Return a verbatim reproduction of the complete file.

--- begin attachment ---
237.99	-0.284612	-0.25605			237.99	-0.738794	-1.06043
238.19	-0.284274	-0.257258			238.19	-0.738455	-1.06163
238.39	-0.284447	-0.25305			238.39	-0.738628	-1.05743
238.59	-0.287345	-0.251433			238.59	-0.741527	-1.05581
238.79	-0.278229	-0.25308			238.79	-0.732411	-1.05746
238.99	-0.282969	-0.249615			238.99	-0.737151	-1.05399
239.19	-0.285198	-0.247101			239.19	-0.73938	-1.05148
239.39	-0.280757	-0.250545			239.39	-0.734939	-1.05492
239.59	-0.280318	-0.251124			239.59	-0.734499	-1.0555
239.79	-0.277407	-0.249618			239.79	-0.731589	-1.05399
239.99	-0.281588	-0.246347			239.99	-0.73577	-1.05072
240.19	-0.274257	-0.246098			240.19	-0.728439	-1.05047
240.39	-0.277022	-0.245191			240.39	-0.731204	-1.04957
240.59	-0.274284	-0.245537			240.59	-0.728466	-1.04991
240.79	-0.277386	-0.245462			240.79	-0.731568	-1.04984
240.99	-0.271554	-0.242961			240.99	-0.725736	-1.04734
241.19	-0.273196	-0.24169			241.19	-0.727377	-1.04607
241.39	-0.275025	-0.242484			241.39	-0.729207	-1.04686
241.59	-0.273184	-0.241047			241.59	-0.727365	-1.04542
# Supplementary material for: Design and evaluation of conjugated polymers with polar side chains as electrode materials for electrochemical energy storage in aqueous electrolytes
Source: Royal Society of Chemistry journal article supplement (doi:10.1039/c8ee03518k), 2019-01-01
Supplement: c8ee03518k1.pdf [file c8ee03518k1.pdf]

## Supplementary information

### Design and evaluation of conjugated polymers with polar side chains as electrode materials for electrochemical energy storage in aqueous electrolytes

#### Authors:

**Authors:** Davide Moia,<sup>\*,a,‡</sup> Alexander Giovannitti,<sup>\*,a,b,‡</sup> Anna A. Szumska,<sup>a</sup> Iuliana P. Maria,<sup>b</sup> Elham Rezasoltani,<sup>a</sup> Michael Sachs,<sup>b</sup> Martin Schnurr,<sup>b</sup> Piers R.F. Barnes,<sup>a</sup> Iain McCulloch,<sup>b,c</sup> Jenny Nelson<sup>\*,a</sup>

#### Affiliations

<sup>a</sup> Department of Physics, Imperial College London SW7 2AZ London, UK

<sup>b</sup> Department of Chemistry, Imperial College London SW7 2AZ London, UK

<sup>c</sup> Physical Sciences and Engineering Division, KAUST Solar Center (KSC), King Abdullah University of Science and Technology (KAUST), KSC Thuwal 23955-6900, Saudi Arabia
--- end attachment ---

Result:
237.99	-0.284612	-0.25605			237.99	-0.738794	-1.06043
238.19	-0.284274	-0.257258			238.19	-0.738455	-1.06163
238.39	-0.284447	-0.25305			238.39	-0.738628	-1.05743
238.59	-0.287345	-0.251433			238.59	-0.741527	-1.05581
238.79	-0.278229	-0.25308			238.79	-0.732411	-1.05746
238.99	-0.282969	-0.249615			238.99	-0.737151	-1.05399
239.19	-0.285198	-0.247101			239.19	-0.73938	-1.05148
239.39	-0.280757	-0.250545			239.39	-0.734939	-1.05492
239.59	-0.280318	-0.251124			239.59	-0.734499	-1.0555
239.79	-0.277407	-0.249618			239.79	-0.731589	-1.05399
239.99	-0.281588	-0.246347			239.99	-0.73577	-1.05072
240.19	-0.274257	-0.246098			240.19	-0.728439	-1.05047
240.39	-0.277022	-0.245191			240.39	-0.731204	-1.04957
240.59	-0.274284	-0.245537			240.59	-0.728466	-1.04991
240.79	-0.277386	-0.245462			240.79	-0.731568	-1.04984
240.99	-0.271554	-0.242961			240.99	-0.725736	-1.04734
241.19	-0.273196	-0.24169			241.19	-0.727377	-1.04607
241.39	-0.275025	-0.242484			241.39	-0.729207	-1.04686
241.59	-0.273184	-0.241047			241.59	-0.727365	-1.04542
# Supplementary material for: Design and evaluation of conjugated polymers with polar side chains as electrode materials for electrochemical energy storage in aqueous electrolytes
Source: Royal Society of Chemistry journal article supplement (doi:10.1039/c8ee03518k), 2019-01-01
Supplement: c8ee03518k1.pdf [file c8ee03518k1.pdf]

## Supplementary information

### Design and evaluation of conjugated polymers with polar side chains as electrode materials for electrochemical energy storage in aqueous electrolytes

#### Authors:

**Authors:** Davide Moia,<sup>\*,a,‡</sup> Alexander Giovannitti,<sup>\*,a,b,‡</sup> Anna A. Szumska,<sup>a</sup> Iuliana P. Maria,<sup>b</sup> Elham Rezasoltani,<sup>a</sup> Michael Sachs,<sup>b</sup> Martin Schnurr,<sup>b</sup> Piers R.F. Barnes,<sup>a</sup> Iain McCulloch,<sup>b,c</sup> Jenny Nelson<sup>\*,a</sup>

#### Affiliations

<sup>a</sup> Department of Physics, Imperial College London SW7 2AZ London, UK

<sup>b</sup> Department of Chemistry, Imperial College London SW7 2AZ London, UK

<sup>c</sup> Physical Sciences and Engineering Division, KAUST Solar Center (KSC), King Abdullah University of Science and Technology (KAUST), KSC Thuwal 23955-6900, Saudi Arabia